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Monmouth Park’s ‘no-whip’ rule ignites controversy

Imagine you’re driving in a NASCAR race at Talladega and suddenly you realize the steering wheel isn’t responding to your attempts to negotiate the turns. When you glance to your left and right, you see that other drivers also are struggling to control their racing machines.

Sounds like a bad dream, but it’s a rough analogy for the situation confronting thoroughbred jockeys at New Jersey’s Monmouth Park as they attempt to navigate a new “no whip” rule imposed by the state’s Horse Racing Commission.

The rule — the strictest in the U.S. – allows jockeys to carry a riding crop but bars its use “except for reasons of safety.”

Hitting a horse to encourage it to run faster or even waving the stick at a horse during a race — a common technique used to keep a mount focused on running — can result in a $500 fine and/or five-day suspension for the first offense, with the penalty potentially doubling with each occurrence, according to Terry Meyocks, CEO of the Jockeys’ Guild.

No serious incidents have occurred in the first seven days of racing at the seaside oval, which opened its 53-day meeting on May 28. But Meyocks said he considers that fortunate, calling the rule handed down by the racing commission in September “irresponsible” and “dangerous.”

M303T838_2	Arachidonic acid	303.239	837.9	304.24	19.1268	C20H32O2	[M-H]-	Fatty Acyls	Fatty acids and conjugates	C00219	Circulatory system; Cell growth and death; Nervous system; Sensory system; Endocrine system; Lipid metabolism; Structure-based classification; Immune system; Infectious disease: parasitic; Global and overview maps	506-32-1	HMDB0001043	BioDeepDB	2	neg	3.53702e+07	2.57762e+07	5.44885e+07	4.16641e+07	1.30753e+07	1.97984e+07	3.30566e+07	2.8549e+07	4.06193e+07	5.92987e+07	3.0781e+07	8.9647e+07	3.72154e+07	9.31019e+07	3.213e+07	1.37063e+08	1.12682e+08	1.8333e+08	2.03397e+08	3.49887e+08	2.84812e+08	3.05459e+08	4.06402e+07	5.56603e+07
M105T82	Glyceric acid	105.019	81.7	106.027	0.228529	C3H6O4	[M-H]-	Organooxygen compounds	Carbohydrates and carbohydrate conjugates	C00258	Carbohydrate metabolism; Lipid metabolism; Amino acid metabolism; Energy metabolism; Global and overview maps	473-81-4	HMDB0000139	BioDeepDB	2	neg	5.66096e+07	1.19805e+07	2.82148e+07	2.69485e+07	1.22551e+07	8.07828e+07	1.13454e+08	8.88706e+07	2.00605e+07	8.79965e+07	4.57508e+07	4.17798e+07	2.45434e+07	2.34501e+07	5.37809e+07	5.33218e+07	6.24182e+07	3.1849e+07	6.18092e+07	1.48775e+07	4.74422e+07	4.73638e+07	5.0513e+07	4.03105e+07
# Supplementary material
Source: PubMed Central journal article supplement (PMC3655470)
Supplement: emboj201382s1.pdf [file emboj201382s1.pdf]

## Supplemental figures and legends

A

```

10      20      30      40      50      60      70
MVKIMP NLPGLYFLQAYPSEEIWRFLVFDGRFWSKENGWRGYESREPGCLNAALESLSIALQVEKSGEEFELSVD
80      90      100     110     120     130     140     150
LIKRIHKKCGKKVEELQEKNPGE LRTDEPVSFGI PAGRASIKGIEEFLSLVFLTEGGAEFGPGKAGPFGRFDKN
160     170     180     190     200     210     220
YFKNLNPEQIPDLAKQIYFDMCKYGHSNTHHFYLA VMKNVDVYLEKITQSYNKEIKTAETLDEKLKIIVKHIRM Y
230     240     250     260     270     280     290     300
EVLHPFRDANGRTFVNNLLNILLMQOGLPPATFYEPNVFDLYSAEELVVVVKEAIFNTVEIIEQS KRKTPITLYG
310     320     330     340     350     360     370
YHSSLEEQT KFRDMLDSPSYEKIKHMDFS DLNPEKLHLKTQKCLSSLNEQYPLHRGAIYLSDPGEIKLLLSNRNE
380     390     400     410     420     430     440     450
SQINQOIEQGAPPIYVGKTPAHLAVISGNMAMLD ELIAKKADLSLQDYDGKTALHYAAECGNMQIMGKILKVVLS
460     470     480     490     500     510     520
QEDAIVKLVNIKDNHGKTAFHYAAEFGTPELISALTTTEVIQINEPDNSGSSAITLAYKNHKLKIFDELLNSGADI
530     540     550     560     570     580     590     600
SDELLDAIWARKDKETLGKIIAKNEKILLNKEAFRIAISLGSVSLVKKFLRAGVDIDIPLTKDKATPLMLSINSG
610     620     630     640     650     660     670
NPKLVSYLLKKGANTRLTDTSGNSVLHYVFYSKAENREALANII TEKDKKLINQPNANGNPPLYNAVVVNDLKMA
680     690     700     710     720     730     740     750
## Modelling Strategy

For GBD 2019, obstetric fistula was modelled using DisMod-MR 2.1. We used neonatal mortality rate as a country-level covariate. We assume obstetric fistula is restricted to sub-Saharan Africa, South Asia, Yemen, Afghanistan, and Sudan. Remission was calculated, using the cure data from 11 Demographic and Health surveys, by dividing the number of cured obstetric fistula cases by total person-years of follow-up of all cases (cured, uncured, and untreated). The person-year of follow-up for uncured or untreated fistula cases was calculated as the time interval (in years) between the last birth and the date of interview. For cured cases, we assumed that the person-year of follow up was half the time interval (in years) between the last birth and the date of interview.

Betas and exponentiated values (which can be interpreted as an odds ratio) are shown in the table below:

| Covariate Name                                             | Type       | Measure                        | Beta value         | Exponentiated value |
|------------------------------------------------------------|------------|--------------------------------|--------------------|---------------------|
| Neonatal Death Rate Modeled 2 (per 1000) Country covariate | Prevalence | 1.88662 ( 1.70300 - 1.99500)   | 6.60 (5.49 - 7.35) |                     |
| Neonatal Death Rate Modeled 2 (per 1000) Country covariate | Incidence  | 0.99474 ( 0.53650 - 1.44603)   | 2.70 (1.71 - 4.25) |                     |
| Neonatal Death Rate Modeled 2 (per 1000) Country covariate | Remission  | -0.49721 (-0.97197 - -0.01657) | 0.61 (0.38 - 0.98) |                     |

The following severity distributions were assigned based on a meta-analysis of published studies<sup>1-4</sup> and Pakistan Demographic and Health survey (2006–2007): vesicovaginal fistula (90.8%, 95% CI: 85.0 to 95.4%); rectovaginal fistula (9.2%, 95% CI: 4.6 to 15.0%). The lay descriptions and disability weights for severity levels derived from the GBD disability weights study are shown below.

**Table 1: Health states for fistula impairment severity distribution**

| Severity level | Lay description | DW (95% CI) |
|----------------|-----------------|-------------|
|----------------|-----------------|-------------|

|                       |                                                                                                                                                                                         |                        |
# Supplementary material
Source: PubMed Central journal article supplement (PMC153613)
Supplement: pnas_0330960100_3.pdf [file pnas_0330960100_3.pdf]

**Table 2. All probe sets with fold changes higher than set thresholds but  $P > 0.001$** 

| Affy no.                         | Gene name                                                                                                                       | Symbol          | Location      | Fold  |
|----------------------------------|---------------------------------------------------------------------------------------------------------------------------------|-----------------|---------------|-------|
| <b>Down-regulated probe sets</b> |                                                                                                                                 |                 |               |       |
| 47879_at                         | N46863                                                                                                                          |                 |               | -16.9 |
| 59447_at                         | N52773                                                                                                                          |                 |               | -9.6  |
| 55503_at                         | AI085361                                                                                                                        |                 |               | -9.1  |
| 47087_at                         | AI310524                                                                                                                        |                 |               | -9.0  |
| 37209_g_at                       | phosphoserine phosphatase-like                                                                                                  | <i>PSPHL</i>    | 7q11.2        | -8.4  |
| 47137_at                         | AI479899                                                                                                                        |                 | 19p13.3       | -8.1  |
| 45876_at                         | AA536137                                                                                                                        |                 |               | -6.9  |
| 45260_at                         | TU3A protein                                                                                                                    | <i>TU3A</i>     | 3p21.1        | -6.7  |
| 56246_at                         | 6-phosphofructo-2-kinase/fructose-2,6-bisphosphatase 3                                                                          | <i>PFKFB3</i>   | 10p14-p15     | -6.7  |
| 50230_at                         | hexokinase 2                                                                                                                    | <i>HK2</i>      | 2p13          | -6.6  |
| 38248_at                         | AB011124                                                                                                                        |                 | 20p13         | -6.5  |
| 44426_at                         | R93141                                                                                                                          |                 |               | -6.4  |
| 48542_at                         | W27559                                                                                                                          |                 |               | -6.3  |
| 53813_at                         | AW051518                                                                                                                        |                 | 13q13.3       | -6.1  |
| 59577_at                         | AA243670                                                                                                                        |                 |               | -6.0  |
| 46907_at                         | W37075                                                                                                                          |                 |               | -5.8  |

“It’s unfortunate for everybody, for our industry,” he said of the rule, which Hall of Fame jockey John Velazquez, co-chair of the Jockeys’ Guild board, has compared to playing Russian roulette. Some top riders at Monmouth, including “Jersey” Joe Bravo, Anthony Gallardo and Daniel Centeno, have said they will ride elsewhere this summer, with the former saying he will shift his tack to Del Mar.

The guild has filed a lawsuit seeking to block the rule, but its request for an emergency stay was denied and a court is not expected to hear the challenge until later this year.

Kathy Guillermo, a senior vice president with People for the Ethical Treatment of Animals (PETA), doesn’t buy the safety argument and said the jockeys are ignoring growing public sentiment opposing the practice of whipping horses.

She pointed to a three-year study in Australia that found banning the use of whips during races did not result in “statistically significant differences” in terms of increased risk, jockey behavior or race finishing times.

“We do not have a problem with jockeys carrying a whip and, if they get in a situation, using it,” she said. “… But the aspect of this that I don’t think the jockeys are thinking of is what it looks like to the public.”

Another important constituency in the debate is bettors, though it’s not yet clear whether they will redirect their wagering dollars to other venues in response to the rule. Handle has been down in the early stages of the Monmouth meet, but bad weather and short fields may have played a role in suppressing wagering.

The parade of winning favorites at Monmouth, which has seen the chalk win nearly 48 percent of all races heading into Friday’s card, also may be a factor.

This is all likely just a preview of the debate that will surround the debut of the new federal Horseracing Integrity and Safety Act next year. The act, approved by Congress in December, created a federal body to design and implement uniform national medication and safety standards, including whip use.

Mike Brunker’s horse racing column appears Fridays. He can be reached at mbrunker@reviewjournal.com or 702-383-4656. Follow @mike_brunker on Twitter.

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